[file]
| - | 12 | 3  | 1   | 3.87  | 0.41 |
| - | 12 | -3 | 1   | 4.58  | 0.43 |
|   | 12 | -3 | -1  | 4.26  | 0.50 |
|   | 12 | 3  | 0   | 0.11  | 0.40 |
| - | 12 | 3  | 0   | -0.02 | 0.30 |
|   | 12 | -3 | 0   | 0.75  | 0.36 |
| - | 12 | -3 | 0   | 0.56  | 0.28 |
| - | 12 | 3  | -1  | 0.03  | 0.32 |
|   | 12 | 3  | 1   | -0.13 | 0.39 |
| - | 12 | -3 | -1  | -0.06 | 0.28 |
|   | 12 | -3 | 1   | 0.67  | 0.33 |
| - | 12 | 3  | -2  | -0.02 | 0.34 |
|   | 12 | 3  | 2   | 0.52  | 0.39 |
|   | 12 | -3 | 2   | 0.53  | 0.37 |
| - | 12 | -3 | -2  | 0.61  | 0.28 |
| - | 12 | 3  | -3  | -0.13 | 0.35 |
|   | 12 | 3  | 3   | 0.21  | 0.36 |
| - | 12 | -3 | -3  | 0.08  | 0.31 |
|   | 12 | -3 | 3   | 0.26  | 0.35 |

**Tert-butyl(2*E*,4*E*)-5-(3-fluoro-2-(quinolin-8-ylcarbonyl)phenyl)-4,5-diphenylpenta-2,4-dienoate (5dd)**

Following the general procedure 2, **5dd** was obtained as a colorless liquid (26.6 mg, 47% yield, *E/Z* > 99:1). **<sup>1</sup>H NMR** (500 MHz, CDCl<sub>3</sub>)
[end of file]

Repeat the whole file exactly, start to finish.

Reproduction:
| - | 12 | 3  | 1   | 3.87  | 0.41 |
| - | 12 | -3 | 1   | 4.58  | 0.43 |
|   | 12 | -3 | -1  | 4.26  | 0.50 |
|   | 12 | 3  | 0   | 0.11  | 0.40 |
| - | 12 | 3  | 0   | -0.02 | 0.30 |
|   | 12 | -3 | 0   | 0.75  | 0.36 |
| - | 12 | -3 | 0   | 0.56  | 0.28 |
| - | 12 | 3  | -1  | 0.03  | 0.32 |
|   | 12 | 3  | 1   | -0.13 | 0.39 |
| - | 12 | -3 | -1  | -0.06 | 0.28 |
|   | 12 | -3 | 1   | 0.67  | 0.33 |
| - | 12 | 3  | -2  | -0.02 | 0.34 |
|   | 12 | 3  | 2   | 0.52  | 0.39 |
|   | 12 | -3 | 2   | 0.53  | 0.37 |
| - | 12 | -3 | -2  | 0.61  | 0.28 |
| - | 12 | 3  | -3  | -0.13 | 0.35 |
|   | 12 | 3  | 3   | 0.21  | 0.36 |
| - | 12 | -3 | -3  | 0.08  | 0.31 |
|   | 12 | -3 | 3   | 0.26  | 0.35 |

**Tert-butyl(2*E*,4*E*)-5-(3-fluoro-2-(quinolin-8-ylcarbonyl)phenyl)-4,5-diphenylpenta-2,4-dienoate (5dd)**

Following the general procedure 2, **5dd** was obtained as a colorless liquid (26.6 mg, 47% yield, *E/Z* > 99:1). **<sup>1</sup>H NMR** (500 MHz, CDCl<sub>3</sub>)